The reason for that is that Oracle doesn’t have any special treatment for multi-table joins: it simply joins one table at a time. But the intermediate result set that is being joined to a table, doesn’t have any optimizer statistics, such us column NDVs. So instead of properly adjusting the two-table formula to the multi-table case, Oracle uses it in a naive way: instead of operating on values from the intermediate data set on one side, and the table being joined on the other, it simply takes NDVs and other stats from the tables referenced in the join predicates, and plugs them into the standard formula.

In our case this means that the cardinality of joining A to V would be calculated as: (cardinality of outer row source) x (cardinality of inner row source) x (join selectivity), where (join selectivity) is 1/greater(NDV(A.A_COL1) x NDV(V2.V2_COL1)) x 1/greater(NDV(A.A_COL2) x NDV (V2.V2_COL2)) x 1/greater(NDV(A.A_COL3) x NDV(V1.V1_COL3)).

Why does this formula give a wrong result? Because there’s no fundamental reason why it should give the correct one. To be fair, even the two-table formula isn’t much more than an educated guess; but in this case at least hope that it would give a more or less realistic answer often enough, because it’s built upon some solid foundation. If we take a rather typical case of a PK-FK join in a master-detail kind of a situation, the 2-table join formula would give the accurate answer.

But pushing this to the 3-table “entabled” join case doesn’t really have such solid foundations. In fact, as Jonathan Lewis noticed in “Cost Based Fundamentals”, if you use transitive closure to legally re-arrange multi-table join predicates, you often would be getting different results! I checked it in this case as well — and indeed, I was able to change query’s cardinality estimates by a couple of orders of magnitude without changing its semantics.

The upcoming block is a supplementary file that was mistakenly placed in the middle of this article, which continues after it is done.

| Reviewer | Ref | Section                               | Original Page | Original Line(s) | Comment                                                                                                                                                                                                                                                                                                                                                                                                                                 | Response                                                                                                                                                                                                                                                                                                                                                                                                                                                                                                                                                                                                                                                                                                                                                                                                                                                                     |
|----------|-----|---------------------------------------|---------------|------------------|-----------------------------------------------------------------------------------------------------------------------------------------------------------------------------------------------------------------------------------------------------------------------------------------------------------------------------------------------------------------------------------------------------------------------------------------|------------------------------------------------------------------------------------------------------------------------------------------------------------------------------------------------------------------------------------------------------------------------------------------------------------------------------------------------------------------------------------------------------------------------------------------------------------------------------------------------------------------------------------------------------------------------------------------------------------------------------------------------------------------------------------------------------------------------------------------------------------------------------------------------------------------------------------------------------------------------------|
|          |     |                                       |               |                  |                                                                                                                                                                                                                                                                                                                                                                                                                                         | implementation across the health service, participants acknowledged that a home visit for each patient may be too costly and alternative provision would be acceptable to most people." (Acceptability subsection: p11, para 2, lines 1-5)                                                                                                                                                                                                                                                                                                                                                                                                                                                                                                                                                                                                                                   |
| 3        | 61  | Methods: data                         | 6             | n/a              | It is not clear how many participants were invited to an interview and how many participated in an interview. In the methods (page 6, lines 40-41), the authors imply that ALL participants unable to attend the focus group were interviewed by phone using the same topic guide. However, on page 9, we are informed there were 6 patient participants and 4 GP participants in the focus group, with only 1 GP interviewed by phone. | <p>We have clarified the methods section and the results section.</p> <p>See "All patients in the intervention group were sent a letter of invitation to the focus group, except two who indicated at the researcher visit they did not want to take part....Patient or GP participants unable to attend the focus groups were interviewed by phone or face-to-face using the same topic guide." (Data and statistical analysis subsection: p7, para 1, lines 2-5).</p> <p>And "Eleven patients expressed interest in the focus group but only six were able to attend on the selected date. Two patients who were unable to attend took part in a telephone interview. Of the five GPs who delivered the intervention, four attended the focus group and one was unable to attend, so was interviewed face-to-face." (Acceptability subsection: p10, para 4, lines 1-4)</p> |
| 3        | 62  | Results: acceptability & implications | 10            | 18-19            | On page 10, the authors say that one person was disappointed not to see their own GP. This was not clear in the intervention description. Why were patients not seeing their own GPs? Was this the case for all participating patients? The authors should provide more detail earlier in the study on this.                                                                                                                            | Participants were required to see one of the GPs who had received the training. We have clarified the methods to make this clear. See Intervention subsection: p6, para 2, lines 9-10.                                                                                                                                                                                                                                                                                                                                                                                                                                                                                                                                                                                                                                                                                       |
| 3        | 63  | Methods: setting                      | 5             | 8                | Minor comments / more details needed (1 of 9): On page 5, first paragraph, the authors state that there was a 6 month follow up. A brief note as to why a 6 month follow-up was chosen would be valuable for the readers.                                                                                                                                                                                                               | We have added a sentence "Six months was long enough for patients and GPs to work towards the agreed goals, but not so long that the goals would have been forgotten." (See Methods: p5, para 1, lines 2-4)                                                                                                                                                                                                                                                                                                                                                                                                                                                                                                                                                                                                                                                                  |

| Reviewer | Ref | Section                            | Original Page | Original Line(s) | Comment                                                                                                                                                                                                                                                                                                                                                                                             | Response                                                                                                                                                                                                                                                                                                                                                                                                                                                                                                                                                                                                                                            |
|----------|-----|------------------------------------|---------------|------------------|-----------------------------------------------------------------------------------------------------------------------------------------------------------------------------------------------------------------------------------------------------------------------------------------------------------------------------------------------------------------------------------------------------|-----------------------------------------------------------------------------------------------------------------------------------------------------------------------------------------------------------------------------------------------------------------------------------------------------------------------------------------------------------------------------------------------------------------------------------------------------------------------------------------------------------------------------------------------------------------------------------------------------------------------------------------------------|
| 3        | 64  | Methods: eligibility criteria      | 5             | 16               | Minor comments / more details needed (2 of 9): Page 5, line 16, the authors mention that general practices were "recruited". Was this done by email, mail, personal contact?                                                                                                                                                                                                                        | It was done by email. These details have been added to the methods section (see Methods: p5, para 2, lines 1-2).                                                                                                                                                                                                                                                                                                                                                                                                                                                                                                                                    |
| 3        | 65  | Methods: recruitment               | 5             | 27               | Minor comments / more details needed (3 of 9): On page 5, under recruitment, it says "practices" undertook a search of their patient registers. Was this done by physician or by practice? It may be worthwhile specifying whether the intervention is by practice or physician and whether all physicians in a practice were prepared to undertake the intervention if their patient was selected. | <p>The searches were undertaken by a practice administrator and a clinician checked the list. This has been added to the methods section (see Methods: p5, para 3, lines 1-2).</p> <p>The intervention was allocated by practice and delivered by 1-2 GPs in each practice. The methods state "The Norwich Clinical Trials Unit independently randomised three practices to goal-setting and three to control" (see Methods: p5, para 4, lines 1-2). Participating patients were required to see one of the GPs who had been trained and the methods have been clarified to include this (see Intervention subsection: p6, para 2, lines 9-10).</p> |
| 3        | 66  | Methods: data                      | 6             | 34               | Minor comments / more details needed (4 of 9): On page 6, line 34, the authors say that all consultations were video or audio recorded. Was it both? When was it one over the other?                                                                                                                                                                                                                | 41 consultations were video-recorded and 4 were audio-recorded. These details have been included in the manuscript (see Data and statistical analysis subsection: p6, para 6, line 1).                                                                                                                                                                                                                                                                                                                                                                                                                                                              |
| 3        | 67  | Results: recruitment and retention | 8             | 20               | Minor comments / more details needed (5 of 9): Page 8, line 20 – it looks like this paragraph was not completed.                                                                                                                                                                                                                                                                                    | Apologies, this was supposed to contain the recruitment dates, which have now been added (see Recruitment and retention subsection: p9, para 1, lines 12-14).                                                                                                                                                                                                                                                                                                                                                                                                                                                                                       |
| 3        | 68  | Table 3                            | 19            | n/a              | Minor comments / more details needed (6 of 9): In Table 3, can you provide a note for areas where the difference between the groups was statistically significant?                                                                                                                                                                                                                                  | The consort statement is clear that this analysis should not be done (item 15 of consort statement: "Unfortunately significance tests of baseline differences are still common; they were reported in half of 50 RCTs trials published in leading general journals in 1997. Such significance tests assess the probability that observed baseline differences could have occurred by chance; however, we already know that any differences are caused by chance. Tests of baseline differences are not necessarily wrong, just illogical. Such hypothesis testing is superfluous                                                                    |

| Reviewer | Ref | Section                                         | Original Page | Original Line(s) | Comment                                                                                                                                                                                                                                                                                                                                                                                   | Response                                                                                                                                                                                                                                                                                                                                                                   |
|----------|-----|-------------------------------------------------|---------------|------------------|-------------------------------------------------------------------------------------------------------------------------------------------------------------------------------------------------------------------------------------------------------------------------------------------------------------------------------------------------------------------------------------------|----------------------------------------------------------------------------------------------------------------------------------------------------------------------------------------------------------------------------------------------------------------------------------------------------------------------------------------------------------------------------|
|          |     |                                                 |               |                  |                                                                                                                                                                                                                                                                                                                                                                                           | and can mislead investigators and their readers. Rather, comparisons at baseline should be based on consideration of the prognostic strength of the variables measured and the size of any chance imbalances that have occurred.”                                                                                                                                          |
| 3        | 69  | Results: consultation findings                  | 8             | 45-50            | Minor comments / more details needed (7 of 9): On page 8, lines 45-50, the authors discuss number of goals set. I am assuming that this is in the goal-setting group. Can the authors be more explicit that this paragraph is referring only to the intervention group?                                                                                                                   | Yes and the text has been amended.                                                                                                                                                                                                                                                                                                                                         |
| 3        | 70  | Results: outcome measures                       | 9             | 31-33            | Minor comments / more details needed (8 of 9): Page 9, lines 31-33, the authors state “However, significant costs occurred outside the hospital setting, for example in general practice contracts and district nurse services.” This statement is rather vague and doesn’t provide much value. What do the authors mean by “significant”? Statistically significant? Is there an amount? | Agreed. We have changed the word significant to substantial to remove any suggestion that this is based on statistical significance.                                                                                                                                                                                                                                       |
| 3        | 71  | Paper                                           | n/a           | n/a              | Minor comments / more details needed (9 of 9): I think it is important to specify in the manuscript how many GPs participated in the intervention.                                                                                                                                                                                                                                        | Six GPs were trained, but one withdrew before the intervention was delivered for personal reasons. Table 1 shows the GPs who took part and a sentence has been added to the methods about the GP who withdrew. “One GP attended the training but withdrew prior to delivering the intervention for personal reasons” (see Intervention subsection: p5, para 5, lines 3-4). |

There are cases when transitive closure can be used to “disentangle” a join, e.g.:

A.a1 = B.b1 and C.c1 = A.a1 and C.c2 = B.b2 
A.a1 = B.b1 and C.c1 = B.b1 and C.c2 = B.b2

and when this is possible, there is a decent chance that the optimizer would be able to get a more accurate estimate of the join cardinality after the rewrite. In our case, however, the problem is that some of the joins are done inside the view, so in order to “disentable” the joins we’d need to change the view’s DDL.

It is because of the difficulties of this nature that I am not a fan of the cardinality-centric approach to SQL tuning problems. Or to be more accurate, I reserve this approach for root cause analysis after a solution has been offered if time allows.

So to sum up:

1) Getting join cardinalities right for multi-column joins is a tricky business
2) When dealing with “entangled” multi-table joins it’s even trickier
3) Overall, join cardinality formula works well for simple cases like joins with lookup or dimension tables; anything more than that leaves the accuracy of the join cardinality to the chance
4) Sometimes transitive closure can allow to “disentangle” join predicates — if such transformation is possible, it can improve the accuracy of the join cardinality estimate.


2 thoughts on “Join cardinality”

  1. Hello!

    Your blog content is extremely interesting and well written.
    But:) please tune the page layout. The left and right panels combined occupy more than 60% of the horizontal space of the page.
    Please make much more room for the content. It’s difficult to read the execution plans and your words. It’s a constant scrolling up-down left-right.

    I guess that your other readers would also be happy with such change.

    Thanks and keep up the good work.

    1. Hi Rob,

      thanks for your feedback. I agree that there is a lot of room for improvement in the readability of the blog. Unfortunately, most of the settings cannot be easily changed, at least not without some additional investments both in terms of money (switching to the premium WordPress plan) and time. I cannot afford this investment at the moment, but I’ll keep your comment in mind, and if an opportunity presents itself, I’ll work on improving the blog’s design.

      Best regards,